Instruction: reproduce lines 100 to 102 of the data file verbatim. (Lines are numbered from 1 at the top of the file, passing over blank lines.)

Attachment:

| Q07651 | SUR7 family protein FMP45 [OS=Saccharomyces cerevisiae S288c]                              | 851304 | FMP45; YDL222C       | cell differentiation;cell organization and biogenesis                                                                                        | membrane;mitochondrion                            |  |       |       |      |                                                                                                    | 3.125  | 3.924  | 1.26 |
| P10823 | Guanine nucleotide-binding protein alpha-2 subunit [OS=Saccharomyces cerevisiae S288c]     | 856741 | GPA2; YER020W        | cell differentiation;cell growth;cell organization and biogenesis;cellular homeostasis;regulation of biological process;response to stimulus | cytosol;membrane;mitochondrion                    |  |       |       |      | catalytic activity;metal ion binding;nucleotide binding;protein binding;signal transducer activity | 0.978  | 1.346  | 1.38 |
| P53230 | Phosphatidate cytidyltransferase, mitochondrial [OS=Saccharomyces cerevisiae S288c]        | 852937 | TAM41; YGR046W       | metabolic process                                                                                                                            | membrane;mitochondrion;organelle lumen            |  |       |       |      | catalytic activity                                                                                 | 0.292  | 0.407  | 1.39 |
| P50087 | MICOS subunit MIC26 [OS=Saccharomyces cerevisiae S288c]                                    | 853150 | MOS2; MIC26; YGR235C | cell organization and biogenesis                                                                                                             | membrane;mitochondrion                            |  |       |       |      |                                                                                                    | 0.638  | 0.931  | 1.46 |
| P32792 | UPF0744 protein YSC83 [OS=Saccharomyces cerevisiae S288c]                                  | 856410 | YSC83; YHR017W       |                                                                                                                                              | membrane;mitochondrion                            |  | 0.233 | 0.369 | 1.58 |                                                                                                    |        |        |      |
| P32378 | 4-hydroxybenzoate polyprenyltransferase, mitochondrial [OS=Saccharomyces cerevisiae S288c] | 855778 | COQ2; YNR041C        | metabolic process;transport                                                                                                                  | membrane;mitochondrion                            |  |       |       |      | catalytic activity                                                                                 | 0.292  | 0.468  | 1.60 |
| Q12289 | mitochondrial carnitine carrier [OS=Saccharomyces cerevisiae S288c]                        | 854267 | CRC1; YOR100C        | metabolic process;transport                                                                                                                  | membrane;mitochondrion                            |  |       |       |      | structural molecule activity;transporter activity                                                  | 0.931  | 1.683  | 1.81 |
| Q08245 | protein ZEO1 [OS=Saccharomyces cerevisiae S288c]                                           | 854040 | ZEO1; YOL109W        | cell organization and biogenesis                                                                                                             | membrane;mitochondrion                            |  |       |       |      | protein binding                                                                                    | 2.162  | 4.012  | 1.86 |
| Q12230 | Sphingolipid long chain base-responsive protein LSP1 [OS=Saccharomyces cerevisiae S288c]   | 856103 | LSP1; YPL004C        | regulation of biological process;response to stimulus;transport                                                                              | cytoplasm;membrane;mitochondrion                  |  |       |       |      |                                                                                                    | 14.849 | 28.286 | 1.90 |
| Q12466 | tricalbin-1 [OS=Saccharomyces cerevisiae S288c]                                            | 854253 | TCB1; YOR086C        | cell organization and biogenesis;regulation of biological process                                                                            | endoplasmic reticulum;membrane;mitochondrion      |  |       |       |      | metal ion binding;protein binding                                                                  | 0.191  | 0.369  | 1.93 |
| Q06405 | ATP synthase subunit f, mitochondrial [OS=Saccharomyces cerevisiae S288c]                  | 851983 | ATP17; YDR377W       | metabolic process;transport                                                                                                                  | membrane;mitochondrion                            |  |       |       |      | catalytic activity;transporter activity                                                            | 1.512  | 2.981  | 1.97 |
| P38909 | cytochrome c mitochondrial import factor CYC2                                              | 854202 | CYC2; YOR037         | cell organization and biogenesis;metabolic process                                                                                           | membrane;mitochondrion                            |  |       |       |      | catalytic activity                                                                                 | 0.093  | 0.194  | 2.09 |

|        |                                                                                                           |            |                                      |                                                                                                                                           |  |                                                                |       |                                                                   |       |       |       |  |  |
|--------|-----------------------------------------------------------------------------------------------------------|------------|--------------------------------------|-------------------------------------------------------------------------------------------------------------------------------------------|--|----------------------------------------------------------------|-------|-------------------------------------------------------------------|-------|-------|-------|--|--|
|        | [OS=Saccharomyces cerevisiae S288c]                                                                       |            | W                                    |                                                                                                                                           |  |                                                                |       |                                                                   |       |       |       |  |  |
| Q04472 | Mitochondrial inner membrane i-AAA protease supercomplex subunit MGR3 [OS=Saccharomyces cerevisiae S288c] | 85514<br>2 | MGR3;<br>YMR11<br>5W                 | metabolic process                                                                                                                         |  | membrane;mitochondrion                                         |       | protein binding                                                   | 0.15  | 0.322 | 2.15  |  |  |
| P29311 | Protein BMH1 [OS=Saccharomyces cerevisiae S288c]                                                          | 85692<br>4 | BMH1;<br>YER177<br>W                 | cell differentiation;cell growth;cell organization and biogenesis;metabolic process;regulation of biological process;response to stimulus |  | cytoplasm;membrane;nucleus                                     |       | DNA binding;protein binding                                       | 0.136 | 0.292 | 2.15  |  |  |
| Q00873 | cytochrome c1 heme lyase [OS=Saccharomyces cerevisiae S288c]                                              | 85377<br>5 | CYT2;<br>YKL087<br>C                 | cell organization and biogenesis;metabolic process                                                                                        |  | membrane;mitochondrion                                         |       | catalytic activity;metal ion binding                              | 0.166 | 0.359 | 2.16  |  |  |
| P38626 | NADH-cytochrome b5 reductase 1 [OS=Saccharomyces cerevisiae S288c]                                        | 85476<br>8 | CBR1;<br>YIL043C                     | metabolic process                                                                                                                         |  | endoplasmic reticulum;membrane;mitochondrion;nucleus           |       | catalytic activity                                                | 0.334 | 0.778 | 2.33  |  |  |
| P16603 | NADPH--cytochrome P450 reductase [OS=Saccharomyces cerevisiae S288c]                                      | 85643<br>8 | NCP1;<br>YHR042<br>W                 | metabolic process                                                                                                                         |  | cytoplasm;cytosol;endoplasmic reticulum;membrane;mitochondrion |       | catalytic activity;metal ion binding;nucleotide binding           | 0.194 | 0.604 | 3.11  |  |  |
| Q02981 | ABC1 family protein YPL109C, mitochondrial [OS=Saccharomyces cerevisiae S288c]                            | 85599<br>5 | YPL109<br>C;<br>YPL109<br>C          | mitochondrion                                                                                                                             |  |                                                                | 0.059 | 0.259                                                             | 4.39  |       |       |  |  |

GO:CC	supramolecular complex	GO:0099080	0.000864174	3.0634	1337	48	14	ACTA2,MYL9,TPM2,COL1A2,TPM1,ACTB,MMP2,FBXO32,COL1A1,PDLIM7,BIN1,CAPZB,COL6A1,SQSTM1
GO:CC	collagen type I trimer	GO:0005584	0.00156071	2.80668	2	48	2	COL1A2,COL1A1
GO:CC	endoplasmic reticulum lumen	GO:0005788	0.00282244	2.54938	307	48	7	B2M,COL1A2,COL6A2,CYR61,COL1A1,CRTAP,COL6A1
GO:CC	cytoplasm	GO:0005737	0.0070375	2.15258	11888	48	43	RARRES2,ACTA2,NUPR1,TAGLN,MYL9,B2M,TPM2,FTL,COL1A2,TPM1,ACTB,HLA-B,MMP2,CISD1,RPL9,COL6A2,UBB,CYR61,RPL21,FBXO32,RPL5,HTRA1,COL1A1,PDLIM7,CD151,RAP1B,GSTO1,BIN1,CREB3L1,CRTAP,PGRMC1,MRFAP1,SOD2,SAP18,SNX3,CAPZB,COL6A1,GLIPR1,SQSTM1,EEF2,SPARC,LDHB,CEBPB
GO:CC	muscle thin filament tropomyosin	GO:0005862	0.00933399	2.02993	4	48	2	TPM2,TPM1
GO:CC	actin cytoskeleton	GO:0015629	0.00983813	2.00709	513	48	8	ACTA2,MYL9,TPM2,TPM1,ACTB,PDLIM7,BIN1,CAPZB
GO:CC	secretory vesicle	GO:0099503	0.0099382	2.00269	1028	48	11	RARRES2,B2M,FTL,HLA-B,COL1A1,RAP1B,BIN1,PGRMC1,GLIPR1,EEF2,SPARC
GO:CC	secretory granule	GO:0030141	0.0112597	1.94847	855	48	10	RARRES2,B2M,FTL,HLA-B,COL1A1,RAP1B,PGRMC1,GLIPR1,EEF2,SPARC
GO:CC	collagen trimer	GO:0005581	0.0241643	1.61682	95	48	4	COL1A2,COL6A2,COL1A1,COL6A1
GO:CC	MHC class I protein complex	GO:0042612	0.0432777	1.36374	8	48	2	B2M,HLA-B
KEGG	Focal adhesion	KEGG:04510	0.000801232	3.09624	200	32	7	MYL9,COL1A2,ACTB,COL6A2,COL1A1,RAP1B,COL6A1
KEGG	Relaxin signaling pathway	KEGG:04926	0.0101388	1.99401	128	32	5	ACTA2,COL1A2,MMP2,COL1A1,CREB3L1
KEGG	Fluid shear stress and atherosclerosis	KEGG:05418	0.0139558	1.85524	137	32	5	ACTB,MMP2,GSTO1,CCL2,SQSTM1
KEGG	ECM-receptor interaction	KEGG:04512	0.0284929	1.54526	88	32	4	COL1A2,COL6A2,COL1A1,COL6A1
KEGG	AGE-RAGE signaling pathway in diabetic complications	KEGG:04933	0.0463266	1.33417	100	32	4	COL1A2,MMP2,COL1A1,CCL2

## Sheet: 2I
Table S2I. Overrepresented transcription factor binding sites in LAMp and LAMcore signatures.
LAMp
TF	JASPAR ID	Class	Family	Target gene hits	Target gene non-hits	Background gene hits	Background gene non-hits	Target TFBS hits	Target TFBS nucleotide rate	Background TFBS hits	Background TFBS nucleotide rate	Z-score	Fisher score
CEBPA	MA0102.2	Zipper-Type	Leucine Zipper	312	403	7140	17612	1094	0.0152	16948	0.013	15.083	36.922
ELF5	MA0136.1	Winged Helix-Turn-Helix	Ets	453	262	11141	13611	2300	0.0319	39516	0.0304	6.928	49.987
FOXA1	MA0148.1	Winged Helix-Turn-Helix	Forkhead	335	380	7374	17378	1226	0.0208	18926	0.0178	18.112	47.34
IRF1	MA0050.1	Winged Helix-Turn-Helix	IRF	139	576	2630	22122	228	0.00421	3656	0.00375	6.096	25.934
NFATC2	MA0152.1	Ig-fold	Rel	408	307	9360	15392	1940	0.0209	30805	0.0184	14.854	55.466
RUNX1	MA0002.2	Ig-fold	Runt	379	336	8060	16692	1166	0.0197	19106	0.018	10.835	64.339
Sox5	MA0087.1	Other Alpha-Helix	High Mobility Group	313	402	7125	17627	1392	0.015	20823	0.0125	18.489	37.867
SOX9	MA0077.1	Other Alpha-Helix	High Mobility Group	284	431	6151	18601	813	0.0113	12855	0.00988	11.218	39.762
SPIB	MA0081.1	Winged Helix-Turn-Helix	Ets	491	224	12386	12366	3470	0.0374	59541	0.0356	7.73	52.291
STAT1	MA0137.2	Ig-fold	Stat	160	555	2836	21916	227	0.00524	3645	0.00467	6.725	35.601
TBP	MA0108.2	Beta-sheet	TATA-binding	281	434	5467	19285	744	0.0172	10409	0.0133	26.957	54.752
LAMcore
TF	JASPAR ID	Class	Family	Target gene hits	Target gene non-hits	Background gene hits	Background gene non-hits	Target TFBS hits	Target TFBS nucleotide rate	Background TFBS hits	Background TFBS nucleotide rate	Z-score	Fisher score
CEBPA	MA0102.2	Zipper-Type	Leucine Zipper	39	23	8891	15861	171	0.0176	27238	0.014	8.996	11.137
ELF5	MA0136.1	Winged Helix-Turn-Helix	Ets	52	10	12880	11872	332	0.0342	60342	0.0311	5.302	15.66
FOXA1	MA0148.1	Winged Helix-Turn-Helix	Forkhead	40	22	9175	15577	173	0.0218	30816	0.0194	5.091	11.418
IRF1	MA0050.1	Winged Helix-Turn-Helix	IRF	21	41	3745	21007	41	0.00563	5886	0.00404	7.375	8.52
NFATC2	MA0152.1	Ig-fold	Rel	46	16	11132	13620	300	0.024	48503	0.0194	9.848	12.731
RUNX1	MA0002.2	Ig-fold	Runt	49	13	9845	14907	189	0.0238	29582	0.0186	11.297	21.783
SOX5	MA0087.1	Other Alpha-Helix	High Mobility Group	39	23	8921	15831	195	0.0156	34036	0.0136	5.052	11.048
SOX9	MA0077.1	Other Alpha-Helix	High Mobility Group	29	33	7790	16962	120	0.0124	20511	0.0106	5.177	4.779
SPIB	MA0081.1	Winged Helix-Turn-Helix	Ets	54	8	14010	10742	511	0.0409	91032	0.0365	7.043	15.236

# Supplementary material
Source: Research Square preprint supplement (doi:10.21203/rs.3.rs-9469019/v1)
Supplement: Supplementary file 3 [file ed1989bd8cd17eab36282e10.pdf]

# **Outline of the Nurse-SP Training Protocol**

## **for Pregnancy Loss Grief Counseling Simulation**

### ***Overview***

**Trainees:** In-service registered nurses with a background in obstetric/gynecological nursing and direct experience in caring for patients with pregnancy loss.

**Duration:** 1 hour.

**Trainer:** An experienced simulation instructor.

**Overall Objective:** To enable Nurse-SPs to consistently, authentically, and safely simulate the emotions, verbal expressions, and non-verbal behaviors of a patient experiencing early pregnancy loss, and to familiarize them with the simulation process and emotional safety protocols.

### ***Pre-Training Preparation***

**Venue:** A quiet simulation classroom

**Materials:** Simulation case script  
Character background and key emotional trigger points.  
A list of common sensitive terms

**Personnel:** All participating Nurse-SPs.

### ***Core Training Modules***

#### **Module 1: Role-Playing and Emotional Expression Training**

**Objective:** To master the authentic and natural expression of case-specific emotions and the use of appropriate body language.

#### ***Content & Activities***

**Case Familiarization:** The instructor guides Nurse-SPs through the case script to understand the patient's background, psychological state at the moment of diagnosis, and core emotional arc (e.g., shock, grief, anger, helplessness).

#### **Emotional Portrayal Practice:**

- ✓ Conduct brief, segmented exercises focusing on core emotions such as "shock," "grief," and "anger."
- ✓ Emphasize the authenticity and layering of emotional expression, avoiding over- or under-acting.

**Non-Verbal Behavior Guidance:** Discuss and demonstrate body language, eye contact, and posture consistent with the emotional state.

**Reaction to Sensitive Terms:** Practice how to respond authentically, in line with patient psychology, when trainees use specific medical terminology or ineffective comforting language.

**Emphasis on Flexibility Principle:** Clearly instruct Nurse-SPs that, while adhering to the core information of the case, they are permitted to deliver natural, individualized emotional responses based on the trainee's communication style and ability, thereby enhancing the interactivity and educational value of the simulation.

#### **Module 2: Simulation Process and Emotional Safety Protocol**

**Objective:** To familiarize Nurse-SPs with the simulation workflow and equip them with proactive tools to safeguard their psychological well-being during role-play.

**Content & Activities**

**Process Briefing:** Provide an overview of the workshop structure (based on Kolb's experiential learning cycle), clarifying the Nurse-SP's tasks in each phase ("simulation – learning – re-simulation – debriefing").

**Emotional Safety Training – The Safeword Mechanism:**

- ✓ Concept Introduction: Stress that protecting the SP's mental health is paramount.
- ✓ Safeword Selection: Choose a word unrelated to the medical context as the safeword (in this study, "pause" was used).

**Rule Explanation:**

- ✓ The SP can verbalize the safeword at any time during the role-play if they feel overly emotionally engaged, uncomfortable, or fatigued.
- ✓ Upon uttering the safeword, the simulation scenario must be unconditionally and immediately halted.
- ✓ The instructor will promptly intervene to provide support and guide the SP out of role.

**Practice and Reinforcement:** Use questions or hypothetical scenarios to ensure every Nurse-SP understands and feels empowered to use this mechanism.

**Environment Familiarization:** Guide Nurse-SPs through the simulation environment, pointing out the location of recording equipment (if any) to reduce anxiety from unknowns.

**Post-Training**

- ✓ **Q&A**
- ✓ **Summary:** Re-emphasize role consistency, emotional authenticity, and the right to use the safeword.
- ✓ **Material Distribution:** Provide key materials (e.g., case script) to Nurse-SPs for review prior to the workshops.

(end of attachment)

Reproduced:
- ✓ The instructor will promptly intervene to provide support and guide the SP out of role.

**Practice and Reinforcement:** Use questions or hypothetical scenarios to ensure every Nurse-SP understands and feels empowered to use this mechanism.

**Environment Familiarization:** Guide Nurse-SPs through the simulation environment, pointing out the location of recording equipment (if any) to reduce anxiety from unknowns.